As facilitators of challenge, we let groups go the wrong way quite often, but we eventually pose some very pointed questions about their plans. The time had definitely come for those questions. “Hey group,” I said. “Can you show me where we are on the map?” They produced their map, and to my surprise, they pointed to our exact location! So, I followed with, “Do you remember where the destination is?” Again, they astonished me by pointing directly to it! They knew full-well where they were and where the destination was. What didn’t add up was why they continued going in the wrong direction!
I asked them to explain in more detail their plan. Indicating the mouth of a creek on the map, they confidently said, “We have to get to this creek. It will probably take us right to the destination.” Grudgingly, I asked, “But is that your destination?”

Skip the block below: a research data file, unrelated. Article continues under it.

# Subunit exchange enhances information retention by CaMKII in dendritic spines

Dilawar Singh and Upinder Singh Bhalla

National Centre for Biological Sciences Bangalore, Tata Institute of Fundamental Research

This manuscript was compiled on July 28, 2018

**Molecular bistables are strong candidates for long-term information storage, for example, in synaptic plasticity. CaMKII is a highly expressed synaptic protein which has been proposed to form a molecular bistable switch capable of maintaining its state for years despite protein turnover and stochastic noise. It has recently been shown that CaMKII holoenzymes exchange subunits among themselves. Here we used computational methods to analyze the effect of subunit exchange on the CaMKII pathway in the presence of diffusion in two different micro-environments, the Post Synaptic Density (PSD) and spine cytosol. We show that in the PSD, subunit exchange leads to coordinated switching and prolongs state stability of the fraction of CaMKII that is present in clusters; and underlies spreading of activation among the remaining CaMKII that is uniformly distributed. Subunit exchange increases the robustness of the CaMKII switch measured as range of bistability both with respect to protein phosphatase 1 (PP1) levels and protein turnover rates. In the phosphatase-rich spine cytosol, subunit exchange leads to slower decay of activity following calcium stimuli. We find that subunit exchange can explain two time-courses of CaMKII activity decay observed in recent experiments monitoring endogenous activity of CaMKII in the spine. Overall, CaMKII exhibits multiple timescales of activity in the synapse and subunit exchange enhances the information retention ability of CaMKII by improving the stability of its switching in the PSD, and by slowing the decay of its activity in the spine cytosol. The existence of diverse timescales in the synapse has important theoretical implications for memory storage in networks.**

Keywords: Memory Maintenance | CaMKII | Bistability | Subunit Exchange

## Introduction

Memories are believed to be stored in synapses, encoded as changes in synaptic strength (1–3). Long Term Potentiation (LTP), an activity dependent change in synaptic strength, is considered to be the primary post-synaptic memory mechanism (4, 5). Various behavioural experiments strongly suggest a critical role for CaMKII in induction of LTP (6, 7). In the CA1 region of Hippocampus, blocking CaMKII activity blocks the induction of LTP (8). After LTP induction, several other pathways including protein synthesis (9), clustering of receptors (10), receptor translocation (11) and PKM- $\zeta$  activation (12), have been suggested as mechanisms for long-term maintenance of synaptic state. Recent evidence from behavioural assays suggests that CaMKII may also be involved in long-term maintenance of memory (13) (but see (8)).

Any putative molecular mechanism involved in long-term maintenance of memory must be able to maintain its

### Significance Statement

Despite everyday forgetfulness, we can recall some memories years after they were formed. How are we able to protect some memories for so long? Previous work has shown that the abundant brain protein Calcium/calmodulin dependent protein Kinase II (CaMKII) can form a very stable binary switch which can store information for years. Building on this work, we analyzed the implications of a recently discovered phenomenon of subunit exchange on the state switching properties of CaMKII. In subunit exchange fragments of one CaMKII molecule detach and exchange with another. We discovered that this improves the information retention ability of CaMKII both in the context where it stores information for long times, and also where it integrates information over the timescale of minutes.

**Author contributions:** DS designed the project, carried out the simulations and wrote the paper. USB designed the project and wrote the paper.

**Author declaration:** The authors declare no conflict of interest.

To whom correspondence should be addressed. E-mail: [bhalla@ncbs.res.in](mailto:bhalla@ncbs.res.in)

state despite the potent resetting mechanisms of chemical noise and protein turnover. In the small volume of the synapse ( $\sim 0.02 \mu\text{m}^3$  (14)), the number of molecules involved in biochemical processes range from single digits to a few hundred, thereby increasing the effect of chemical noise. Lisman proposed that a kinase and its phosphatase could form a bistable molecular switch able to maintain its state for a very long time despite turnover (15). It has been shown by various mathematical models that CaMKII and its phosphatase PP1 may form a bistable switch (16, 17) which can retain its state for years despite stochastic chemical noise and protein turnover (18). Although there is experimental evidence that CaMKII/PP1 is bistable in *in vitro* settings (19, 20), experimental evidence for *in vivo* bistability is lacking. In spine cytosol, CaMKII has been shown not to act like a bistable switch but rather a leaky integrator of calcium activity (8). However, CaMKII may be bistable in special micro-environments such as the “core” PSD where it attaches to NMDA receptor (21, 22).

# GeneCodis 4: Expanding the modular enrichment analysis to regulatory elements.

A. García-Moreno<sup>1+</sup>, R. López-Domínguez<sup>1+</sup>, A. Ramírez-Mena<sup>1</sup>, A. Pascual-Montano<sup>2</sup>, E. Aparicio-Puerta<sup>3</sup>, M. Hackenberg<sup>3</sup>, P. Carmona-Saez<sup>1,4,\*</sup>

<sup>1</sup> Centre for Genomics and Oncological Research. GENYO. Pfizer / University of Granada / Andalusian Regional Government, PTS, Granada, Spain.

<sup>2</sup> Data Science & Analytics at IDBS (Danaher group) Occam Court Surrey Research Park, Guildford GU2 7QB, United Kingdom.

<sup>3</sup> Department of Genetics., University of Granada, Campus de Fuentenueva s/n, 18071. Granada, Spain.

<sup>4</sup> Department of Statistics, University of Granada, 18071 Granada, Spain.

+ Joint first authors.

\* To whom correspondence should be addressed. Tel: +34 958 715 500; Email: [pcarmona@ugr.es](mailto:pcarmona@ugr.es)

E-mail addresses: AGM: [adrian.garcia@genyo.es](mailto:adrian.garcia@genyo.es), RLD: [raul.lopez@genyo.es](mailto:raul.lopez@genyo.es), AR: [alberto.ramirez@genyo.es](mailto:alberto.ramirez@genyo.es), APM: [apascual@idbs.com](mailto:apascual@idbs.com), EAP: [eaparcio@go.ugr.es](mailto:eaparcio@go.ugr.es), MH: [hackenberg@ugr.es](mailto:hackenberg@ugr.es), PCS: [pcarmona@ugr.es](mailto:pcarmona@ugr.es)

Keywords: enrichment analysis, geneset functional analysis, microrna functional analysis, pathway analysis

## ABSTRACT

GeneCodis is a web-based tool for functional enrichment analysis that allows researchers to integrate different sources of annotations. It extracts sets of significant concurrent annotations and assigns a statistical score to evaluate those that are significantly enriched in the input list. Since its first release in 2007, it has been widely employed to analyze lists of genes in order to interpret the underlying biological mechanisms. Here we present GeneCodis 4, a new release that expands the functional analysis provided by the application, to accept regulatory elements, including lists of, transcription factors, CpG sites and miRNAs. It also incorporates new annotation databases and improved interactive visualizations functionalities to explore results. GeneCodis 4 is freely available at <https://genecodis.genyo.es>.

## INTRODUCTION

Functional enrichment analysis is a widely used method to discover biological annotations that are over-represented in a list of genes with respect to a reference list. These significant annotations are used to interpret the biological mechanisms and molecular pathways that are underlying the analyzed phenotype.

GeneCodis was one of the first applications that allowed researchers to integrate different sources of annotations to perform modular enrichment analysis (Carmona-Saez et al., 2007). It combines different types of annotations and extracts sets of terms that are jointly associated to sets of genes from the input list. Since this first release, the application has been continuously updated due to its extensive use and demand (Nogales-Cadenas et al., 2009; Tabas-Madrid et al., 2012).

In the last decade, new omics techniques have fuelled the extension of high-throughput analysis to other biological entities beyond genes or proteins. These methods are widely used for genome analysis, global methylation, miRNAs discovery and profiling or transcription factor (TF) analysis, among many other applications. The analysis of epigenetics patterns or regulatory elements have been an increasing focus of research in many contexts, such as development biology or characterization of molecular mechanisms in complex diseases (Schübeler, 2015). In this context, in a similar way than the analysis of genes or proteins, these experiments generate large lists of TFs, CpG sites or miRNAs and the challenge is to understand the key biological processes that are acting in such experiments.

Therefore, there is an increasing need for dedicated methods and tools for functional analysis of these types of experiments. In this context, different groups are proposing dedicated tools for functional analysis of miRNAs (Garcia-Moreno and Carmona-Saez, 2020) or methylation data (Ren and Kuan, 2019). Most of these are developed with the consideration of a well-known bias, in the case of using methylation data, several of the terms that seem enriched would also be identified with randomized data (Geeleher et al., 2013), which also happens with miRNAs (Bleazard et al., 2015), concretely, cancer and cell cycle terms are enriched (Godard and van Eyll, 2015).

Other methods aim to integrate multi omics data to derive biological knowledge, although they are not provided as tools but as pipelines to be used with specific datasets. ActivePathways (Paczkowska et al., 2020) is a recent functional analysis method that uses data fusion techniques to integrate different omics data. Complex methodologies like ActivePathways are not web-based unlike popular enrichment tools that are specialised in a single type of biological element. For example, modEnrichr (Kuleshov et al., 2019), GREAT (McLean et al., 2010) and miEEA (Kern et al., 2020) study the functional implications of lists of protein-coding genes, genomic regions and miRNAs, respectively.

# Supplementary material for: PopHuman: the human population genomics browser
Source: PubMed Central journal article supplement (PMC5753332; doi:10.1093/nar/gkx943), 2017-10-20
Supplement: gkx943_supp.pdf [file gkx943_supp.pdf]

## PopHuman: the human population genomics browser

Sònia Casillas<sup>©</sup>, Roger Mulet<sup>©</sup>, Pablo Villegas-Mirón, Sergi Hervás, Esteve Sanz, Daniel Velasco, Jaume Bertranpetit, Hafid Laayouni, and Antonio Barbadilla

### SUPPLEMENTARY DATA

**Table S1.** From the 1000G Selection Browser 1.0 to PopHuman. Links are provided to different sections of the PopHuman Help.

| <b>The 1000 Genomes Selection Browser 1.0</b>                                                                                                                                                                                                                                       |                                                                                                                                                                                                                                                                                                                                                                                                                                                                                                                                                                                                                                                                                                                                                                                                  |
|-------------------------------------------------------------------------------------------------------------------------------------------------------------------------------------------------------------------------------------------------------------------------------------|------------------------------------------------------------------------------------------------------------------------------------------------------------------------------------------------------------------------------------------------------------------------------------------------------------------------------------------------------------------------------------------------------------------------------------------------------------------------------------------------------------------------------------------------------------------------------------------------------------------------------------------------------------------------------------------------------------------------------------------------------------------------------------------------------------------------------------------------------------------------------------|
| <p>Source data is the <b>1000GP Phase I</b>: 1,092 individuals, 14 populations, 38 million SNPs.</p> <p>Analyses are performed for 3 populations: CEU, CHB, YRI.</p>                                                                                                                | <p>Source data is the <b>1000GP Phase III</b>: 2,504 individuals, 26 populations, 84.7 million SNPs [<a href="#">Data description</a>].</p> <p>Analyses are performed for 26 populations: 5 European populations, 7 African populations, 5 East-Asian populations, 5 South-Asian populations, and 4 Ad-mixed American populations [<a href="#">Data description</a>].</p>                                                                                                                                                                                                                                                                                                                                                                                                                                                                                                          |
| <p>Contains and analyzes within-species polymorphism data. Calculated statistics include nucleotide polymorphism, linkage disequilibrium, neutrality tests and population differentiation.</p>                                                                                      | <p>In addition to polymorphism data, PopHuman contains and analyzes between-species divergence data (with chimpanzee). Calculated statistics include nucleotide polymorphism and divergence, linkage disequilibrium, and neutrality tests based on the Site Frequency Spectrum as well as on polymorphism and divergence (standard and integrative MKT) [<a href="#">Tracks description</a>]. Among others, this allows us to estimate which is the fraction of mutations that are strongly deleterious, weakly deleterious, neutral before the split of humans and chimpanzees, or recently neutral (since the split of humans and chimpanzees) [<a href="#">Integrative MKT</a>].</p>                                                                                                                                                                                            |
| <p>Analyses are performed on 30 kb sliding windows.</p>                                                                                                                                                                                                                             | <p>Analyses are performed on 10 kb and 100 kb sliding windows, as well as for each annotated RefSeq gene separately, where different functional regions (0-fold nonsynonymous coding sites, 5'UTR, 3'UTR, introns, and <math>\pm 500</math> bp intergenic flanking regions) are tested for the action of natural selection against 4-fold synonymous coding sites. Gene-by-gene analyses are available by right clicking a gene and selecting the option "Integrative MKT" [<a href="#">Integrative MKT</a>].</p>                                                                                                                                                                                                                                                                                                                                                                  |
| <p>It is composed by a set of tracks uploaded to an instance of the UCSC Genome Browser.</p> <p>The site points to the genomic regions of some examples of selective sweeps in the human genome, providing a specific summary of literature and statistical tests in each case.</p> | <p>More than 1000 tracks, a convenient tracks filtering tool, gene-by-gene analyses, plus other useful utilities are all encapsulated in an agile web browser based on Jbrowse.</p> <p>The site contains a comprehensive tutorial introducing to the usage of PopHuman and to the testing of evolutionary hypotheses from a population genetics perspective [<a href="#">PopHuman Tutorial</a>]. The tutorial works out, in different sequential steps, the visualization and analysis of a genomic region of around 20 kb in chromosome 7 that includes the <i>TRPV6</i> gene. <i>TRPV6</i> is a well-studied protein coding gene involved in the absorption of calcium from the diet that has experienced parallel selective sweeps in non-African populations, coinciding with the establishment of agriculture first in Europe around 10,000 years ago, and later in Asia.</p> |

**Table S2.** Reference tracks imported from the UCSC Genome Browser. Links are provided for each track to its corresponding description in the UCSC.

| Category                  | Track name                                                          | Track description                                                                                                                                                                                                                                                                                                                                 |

Ignoring my question they continued describing their lavish strategy of travel in great methodical detail. “We need to cross the river here, so we can find easier terrain on the other side. Then we will go a few hundred yards and cross the river back until we come to some cliffs. We will have to cross back over the river and go a little further and finally cross back over right at the mouth of this creek.” They smiled with satisfaction at the conclusion of their scheme.
“But where is your destination?” I asked unimpressed. They looked at me incredulously, “Well, it’s over here,” again indicating the exact spot. We were nowhere near the destination, heading in the wrong direction on a course that could put us in danger!
“If you know where you are, and you know where the destination is, then why are you going the wrong way?” I asked, expecting them to see the obvious. They blinked, wiped the sweat from their brows, and with clear irritation replied, “This is the plan. We made a plan, and we are sticking to it.”